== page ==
Japan is waging a public relations war as it struggles to control the nuclear contamination threat at home while playing down the concerns of consumers abroad. Fears of tainted goods from the battered nation are affecting trade flows, with regional weather distributing radiation particles and hysteria across Asia. In South Korea, panic over radioactive rain in March saw schools shut down en masse, despite the minute level of radiation posing no known health risks.
In Hong Kong in April, public fears were heightened when the Observatory picked up traces of the radioactive Caesium-137, even though the amounts were minuscule and would take thousands of years to affect humans. Japan trade with China amounts to more than $300 billion a year, so it was inevitable that shipping would be affected. On March 21, the MOL Presence arrived in Xiamen after stopping to collect cargo in Tokyo. On arrival in the Chinese port, inspecting officials refused to allow the ship to berth, claiming abnormal levels of radiation were being detected on the vessel.
It was sent back to Japan, tying up at the port of Kobe where the levels of radiation were declared harmless. The MOL vessel was the first ship barred from unloading its cargo at a foreign port over radiation concerns since the March 11 earthquake and tsunami. Japan is learning that perceptions from a spooked public are far more damaging than the tiny levels of radiation being detected in the region.
At stake is the Made-in-Japan label, and in the near term, China's exports are likely to feel a pinch because of distortions to the supply chain, said HSBC’s China economist Sun Junwei. “There are emerging signs: growth of China's imports from Japan slowed to 16.6 percent year-on-year in March from 33.5 percent in the January-February period,” he said.
However, Jens Eskelund, senior director of Maersk China in Beijing, believes this will be a short-term problem. “We do not have reason to believe that the disaster will lead to lasting damage to Japan's foreign trade,” he said. The Japanese market is around five percent of total Maersk Line liftings.
“We would expect that perceptions over time will converge with science based facts and consumers will act accordingly. We cannot predict how the situation will evolve and will base our decisions on facts from primary, authoritative sources, not perception.”
Tadhg Meaney, national manager of Swiss forwarding giant Kuehne + Nagel in Japan, said he expected a rise in food and beverage items to cover consumption concerns. “Exports for foods items will reduce for a period, but general exports should remain strong,” he said. “Factories that have been shut down are re-opening and will resume normal production shortly.”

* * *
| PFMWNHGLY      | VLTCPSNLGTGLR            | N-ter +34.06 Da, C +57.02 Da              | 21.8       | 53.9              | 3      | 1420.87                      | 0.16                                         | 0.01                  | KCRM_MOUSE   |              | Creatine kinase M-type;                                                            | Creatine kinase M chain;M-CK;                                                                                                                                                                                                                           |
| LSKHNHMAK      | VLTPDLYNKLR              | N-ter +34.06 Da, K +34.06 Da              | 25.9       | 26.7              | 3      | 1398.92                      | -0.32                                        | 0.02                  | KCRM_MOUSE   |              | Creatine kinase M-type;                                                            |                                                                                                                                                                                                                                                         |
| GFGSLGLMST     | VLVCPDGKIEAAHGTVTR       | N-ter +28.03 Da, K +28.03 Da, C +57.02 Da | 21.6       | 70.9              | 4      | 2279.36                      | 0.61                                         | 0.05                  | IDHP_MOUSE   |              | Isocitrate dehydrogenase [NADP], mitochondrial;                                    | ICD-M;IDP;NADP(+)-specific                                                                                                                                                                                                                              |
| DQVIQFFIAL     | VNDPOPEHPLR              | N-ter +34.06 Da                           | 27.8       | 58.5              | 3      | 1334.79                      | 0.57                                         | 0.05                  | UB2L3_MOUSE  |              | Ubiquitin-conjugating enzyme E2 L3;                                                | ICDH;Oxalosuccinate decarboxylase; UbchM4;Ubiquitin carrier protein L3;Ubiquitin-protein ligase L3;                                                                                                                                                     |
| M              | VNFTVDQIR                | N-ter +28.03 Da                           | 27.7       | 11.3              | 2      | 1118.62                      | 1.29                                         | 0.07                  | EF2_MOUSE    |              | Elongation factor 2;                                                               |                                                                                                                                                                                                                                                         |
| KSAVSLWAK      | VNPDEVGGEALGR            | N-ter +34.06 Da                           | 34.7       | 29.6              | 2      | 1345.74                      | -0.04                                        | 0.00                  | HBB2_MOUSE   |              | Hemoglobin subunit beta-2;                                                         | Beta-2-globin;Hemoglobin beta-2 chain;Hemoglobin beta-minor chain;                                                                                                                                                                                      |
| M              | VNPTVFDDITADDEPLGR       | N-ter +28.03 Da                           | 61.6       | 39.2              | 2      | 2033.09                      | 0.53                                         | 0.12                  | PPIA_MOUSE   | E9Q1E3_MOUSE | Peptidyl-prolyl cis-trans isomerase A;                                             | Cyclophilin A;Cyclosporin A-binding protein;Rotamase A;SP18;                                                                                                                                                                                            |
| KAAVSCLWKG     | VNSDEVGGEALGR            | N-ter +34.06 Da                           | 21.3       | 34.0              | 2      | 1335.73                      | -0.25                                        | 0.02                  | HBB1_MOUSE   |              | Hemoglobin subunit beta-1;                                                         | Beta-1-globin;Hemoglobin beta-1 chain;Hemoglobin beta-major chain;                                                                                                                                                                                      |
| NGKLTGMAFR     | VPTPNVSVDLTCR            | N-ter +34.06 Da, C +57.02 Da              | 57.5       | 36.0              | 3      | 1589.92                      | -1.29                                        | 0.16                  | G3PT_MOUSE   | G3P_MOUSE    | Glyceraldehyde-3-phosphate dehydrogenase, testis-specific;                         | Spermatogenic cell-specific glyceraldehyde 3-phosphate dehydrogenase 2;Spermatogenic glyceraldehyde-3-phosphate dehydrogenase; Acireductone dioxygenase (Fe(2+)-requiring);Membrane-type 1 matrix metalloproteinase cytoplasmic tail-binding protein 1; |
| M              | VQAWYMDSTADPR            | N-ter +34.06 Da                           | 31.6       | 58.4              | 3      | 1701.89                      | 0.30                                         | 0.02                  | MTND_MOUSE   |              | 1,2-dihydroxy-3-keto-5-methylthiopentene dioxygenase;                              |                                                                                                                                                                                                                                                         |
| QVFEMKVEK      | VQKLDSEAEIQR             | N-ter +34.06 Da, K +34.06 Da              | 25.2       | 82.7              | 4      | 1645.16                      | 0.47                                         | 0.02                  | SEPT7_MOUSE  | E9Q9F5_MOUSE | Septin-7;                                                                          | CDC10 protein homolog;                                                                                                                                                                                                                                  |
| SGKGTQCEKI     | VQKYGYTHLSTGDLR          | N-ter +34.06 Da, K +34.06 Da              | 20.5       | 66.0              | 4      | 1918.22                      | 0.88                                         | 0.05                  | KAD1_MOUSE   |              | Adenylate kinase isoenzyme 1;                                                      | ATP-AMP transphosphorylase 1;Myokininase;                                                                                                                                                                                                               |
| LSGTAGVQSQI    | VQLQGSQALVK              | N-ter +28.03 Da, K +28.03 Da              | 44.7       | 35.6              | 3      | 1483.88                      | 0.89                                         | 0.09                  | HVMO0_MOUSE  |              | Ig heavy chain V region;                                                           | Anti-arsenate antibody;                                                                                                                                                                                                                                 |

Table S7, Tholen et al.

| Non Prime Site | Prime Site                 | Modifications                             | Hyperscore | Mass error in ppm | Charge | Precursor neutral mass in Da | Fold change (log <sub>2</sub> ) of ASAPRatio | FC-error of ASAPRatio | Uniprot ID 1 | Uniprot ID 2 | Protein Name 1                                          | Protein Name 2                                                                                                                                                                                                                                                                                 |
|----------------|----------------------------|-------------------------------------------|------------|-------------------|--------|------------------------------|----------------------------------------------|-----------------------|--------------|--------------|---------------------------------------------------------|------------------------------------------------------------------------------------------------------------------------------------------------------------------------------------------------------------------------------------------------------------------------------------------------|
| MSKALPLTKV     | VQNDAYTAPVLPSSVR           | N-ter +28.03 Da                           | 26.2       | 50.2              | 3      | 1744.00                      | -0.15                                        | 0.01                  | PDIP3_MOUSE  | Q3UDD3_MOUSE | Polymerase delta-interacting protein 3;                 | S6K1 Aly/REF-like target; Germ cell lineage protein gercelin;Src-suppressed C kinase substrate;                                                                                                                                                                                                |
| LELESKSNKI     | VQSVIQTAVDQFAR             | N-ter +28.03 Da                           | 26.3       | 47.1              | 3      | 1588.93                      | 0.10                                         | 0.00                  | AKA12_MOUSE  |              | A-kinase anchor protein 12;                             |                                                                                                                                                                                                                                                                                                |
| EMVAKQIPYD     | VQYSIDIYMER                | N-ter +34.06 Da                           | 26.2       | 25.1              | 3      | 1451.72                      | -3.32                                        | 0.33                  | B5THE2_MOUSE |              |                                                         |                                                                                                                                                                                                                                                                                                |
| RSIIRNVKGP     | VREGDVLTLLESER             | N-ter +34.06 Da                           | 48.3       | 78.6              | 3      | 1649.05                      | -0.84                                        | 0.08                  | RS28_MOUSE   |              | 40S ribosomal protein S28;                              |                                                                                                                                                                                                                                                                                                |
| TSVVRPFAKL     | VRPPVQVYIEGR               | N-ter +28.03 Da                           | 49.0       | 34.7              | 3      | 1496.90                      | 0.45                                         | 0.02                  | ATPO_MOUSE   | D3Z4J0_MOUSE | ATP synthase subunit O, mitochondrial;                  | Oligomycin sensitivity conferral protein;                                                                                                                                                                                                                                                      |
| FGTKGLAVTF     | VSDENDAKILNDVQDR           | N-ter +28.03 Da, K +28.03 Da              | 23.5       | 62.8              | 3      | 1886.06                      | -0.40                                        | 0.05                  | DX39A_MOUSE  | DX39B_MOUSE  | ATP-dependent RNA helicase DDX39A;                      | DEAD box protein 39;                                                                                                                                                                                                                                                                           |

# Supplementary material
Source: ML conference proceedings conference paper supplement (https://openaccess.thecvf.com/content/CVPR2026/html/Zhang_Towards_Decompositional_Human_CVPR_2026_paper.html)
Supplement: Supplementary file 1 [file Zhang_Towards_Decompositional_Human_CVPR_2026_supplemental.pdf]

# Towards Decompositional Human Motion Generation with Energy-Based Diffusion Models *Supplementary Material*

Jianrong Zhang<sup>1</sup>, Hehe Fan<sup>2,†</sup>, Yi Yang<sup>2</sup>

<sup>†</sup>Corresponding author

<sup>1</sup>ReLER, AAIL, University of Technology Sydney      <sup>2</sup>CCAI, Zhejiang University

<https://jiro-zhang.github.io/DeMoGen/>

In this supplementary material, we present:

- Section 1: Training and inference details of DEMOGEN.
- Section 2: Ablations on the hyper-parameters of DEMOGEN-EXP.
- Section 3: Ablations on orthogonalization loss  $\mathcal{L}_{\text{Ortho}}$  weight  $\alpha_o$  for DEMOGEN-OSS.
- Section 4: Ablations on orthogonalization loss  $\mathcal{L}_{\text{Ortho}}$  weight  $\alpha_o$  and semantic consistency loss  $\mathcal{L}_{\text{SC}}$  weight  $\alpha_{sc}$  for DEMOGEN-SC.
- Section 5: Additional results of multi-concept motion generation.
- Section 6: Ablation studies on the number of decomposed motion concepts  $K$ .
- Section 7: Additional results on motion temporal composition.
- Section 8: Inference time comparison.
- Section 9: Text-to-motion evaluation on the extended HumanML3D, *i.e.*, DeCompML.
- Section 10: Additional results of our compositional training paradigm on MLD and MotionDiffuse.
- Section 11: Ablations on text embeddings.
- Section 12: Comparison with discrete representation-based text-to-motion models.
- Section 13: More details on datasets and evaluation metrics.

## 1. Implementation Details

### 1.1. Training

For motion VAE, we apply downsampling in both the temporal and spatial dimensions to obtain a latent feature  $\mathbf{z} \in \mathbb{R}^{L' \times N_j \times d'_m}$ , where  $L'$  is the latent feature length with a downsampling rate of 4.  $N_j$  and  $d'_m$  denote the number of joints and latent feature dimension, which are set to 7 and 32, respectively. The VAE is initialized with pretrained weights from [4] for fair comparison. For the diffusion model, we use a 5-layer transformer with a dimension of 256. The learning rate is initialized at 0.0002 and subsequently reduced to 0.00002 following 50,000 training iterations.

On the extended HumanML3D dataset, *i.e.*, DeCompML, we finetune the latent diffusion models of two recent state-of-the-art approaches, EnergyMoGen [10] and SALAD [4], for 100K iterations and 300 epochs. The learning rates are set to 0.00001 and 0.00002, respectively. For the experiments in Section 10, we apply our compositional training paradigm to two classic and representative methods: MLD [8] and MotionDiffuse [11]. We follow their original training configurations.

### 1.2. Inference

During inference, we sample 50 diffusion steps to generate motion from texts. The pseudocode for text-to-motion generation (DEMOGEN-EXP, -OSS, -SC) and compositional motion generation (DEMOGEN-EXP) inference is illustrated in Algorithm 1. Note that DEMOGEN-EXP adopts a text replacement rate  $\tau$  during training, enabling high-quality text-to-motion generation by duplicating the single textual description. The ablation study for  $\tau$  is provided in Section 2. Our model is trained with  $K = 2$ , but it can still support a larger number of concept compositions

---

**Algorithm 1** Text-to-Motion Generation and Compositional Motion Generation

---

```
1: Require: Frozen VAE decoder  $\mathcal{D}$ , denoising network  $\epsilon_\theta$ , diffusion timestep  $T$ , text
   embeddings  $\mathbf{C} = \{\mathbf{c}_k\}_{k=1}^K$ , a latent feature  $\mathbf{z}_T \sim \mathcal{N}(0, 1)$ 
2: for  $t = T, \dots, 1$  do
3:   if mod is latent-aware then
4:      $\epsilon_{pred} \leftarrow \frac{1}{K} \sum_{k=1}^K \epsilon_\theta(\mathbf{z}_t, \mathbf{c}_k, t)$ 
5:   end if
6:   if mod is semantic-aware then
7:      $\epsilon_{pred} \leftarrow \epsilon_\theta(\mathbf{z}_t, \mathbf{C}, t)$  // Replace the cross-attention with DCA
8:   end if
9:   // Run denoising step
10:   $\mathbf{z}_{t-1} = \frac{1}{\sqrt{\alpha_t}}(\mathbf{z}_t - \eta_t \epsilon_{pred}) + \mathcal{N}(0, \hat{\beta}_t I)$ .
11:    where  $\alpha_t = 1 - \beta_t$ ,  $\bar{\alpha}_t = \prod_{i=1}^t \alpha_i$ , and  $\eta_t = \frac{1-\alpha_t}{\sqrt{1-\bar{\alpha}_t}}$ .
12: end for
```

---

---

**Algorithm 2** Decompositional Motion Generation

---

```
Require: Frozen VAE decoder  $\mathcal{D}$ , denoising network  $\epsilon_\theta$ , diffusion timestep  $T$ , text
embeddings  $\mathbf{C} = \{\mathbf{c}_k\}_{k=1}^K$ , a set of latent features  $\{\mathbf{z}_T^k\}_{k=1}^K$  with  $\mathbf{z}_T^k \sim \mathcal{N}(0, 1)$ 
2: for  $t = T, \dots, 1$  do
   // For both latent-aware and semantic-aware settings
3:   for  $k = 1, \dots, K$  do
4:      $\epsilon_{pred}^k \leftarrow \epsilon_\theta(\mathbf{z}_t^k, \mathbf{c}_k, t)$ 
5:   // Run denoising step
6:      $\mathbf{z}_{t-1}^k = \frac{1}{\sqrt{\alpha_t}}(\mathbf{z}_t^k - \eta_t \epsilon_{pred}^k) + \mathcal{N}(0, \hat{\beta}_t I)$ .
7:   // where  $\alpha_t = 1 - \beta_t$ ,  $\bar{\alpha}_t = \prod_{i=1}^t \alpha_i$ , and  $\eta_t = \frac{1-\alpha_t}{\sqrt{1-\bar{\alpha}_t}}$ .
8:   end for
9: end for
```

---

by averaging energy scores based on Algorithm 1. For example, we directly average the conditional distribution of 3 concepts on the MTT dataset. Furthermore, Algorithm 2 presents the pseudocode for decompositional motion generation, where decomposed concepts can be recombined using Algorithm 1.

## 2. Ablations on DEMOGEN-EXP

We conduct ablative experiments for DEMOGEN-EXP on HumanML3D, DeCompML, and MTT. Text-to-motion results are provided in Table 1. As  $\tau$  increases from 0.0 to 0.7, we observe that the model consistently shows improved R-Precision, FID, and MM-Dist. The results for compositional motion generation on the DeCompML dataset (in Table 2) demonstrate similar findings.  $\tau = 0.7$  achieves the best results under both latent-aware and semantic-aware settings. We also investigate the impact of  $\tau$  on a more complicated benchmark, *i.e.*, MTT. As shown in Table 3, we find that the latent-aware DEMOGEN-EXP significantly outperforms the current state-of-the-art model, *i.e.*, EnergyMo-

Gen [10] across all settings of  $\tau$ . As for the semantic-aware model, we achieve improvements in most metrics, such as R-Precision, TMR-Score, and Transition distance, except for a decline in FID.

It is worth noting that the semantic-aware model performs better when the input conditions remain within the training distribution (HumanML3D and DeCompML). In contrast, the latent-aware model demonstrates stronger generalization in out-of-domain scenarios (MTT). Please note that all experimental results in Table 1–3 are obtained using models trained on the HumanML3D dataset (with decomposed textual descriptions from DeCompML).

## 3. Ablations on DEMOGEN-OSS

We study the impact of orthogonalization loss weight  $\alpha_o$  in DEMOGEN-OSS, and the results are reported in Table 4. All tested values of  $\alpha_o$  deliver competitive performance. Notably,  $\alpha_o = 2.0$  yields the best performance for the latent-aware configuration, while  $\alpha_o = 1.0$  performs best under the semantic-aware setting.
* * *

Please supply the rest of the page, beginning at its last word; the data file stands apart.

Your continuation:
The Asia head of a large German logistics company, who spoke on condition of anonymity, said as a matter of caution, he had instructed staff not to book cargo on shipping loops that touched Japan.
“That is the safest way to go, because if you have cargo on a ship that is stopped with contamination readings you will have a serious problem,” he said.
The company serves customers in Europe where he said the hysteria “especially in Germany” was particularly high.
“There is a stigma becoming attached to goods produced in Japan, which is unfortunate. They have always had the best technology, the most disciplined workforce and quality products, but their reputation is now being tarnished.”
Japanese restaurants are particularly vulnerable, especially in Hong Kong where the 4,000 establishments are wildly popular and make up 13.5 percent of all restaurants in the city.
Simon Wong Ka-wo, president of the Hong Kong Federation of Restaurants and Related Trades, said turnover at the restaurants had fallen by up to 80 percent since the radiation leaks began.
“The concern over Japanese food safety will continue as the media keep reporting on the radiation leaks in Japan,” he said.
Continuing coverage of the crisis is guaranteed as strong and regular aftershocks rattle the east coast of Honshu. Japan's Coast Guard has told ship operators to steer at least 50 miles away from the damaged Fukushima plant to avoid potential radiation contamination. Container line APL is keeping its ships at least 200 nautical miles away from the area.
Maersk and other carriers stopped accepting export bookings from the area impacted by radiation leaks. The Danish carrier has implemented a 140-mile nautical no-go zone around the Fukushima plant and is taking careful note of the weather to give its vessels the safest route possible.
“We have made precautionary preparations including the availability of iodine tablets [to crew] should it become necessary,” Eskelund said. “But as long as it is considered safe for the crew, Maersk Line will continue calling at Japanese ports.”
APL’s North Asia president Ken Glenn said there would be inevitable changes to Japan’s trade patterns. “In the short to medium term we expect a decrease in overall exports from Japan, but we also forsee an increase in imports,” he said.
This year, APL expects to carry 150,000 FEU of exports and 180,000 FEU of imports, but the figures will change as safety fears see the country importing greater amounts of fresh produce, and rebuilding will generate greater import volume of construction material.
“Exports may trend down slightly, and imports might trend up. But the Japanese are remarkably resilient people and I would not underestimate their ability to rebound in fairly short order,” Glenn said.